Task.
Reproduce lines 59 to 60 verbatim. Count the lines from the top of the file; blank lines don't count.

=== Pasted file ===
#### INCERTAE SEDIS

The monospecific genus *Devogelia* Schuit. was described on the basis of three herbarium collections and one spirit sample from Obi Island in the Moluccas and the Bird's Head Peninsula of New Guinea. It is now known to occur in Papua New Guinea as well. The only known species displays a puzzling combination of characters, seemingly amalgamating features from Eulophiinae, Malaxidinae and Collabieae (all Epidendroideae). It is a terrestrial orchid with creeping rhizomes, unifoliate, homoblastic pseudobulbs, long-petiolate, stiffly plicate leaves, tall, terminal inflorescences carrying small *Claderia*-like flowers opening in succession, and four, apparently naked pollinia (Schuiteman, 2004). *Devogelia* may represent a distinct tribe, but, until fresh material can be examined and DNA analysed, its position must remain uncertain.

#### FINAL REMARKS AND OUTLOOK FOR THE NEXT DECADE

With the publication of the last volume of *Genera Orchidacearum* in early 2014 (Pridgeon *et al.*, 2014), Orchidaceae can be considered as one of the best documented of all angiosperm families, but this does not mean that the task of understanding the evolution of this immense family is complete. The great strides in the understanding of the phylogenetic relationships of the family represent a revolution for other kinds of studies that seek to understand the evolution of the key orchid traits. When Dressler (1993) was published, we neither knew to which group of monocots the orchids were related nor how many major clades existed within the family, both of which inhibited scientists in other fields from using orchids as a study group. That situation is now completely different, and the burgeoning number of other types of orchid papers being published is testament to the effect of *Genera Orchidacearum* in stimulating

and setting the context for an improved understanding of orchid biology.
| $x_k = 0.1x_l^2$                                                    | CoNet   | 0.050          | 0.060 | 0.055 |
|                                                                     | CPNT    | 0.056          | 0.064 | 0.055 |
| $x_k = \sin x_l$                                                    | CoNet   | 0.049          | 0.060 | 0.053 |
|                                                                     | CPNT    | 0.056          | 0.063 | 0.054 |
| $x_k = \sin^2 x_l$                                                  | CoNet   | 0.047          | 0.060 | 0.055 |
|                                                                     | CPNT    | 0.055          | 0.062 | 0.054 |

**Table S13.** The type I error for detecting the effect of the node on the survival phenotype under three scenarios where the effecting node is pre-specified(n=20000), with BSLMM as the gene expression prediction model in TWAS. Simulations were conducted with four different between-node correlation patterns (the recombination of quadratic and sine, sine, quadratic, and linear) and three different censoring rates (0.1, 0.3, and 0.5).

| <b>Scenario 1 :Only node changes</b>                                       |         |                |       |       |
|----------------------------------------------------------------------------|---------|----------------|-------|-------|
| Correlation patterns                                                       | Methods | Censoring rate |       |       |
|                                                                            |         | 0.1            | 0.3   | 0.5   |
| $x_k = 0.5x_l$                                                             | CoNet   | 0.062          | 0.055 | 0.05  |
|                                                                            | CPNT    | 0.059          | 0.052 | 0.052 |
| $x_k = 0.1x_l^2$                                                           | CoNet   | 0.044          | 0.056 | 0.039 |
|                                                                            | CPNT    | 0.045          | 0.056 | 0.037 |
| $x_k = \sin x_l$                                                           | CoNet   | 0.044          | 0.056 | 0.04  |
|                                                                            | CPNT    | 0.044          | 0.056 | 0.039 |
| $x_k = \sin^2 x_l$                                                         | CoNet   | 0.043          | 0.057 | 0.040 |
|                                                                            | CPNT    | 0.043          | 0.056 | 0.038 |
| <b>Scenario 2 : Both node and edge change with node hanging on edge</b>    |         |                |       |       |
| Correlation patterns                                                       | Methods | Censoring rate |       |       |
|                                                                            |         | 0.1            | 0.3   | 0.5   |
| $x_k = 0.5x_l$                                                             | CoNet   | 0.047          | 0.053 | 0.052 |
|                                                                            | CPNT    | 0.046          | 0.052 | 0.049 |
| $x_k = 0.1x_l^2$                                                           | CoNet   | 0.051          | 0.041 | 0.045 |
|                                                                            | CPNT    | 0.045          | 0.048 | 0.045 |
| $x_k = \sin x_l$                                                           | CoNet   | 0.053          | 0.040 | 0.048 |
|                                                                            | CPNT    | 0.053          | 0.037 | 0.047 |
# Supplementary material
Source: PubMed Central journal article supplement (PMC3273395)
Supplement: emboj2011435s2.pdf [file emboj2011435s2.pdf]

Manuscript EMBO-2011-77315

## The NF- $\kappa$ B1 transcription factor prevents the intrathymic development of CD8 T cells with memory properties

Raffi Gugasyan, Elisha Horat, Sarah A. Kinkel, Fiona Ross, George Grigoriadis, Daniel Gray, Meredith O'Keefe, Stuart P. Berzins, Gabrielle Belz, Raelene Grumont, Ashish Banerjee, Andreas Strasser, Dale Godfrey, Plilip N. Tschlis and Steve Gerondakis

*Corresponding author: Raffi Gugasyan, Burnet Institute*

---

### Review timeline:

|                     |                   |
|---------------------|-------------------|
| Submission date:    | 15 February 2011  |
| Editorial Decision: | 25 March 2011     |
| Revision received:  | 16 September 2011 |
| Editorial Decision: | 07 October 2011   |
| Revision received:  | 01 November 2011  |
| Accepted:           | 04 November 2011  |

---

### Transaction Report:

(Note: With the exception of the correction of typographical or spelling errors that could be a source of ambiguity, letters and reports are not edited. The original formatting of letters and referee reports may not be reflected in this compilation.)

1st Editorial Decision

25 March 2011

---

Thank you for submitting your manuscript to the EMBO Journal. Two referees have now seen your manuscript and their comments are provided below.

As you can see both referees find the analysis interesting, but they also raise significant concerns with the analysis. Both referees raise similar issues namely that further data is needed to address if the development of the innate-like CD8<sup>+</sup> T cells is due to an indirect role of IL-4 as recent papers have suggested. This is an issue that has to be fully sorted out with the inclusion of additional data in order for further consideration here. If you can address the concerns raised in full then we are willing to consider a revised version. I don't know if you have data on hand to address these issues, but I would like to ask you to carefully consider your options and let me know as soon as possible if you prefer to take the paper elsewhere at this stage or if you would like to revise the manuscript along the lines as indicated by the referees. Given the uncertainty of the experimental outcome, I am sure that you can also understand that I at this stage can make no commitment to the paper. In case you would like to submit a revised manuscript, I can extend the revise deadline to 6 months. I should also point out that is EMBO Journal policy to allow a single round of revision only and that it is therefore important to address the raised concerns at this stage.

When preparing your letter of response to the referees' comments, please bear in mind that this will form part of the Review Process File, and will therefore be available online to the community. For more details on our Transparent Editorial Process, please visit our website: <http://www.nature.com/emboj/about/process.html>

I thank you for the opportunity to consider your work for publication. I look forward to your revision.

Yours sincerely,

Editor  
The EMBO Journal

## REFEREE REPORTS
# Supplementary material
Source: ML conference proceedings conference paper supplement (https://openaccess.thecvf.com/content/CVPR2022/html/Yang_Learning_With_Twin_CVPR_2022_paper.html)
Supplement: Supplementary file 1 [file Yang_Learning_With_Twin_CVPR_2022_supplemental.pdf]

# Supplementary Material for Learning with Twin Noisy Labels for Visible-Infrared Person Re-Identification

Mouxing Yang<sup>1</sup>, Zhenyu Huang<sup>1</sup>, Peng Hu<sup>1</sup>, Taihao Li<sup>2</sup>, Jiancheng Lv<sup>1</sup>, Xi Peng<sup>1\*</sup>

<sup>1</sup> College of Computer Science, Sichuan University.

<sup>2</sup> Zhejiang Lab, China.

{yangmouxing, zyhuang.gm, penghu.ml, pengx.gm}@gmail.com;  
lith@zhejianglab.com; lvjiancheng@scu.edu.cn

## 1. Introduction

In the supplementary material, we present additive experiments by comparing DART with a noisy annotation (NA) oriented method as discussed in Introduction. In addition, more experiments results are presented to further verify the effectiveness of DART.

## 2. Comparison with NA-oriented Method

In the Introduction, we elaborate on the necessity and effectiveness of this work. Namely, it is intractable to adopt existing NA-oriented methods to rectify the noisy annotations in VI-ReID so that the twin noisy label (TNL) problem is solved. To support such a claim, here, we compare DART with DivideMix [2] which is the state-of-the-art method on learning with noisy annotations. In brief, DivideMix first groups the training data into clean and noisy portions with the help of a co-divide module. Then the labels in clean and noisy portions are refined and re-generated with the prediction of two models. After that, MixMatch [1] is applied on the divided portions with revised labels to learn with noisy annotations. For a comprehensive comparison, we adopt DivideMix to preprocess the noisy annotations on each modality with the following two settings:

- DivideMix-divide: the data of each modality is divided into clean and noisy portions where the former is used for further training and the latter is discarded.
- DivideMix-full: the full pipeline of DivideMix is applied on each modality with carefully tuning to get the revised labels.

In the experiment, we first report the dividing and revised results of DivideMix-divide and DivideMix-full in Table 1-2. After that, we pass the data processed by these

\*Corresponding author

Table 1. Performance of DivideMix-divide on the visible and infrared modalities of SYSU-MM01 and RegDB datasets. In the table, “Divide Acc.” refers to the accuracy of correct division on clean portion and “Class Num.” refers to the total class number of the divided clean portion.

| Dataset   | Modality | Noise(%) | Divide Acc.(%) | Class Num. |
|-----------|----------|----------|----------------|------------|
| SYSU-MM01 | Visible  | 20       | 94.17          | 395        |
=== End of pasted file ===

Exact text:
When preparing your letter of response to the referees' comments, please bear in mind that this will form part of the Review Process File, and will therefore be available online to the community. For more details on our Transparent Editorial Process, please visit our website: <http://www.nature.com/emboj/about/process.html>

I thank you for the opportunity to consider your work for publication. I look forward to your revision.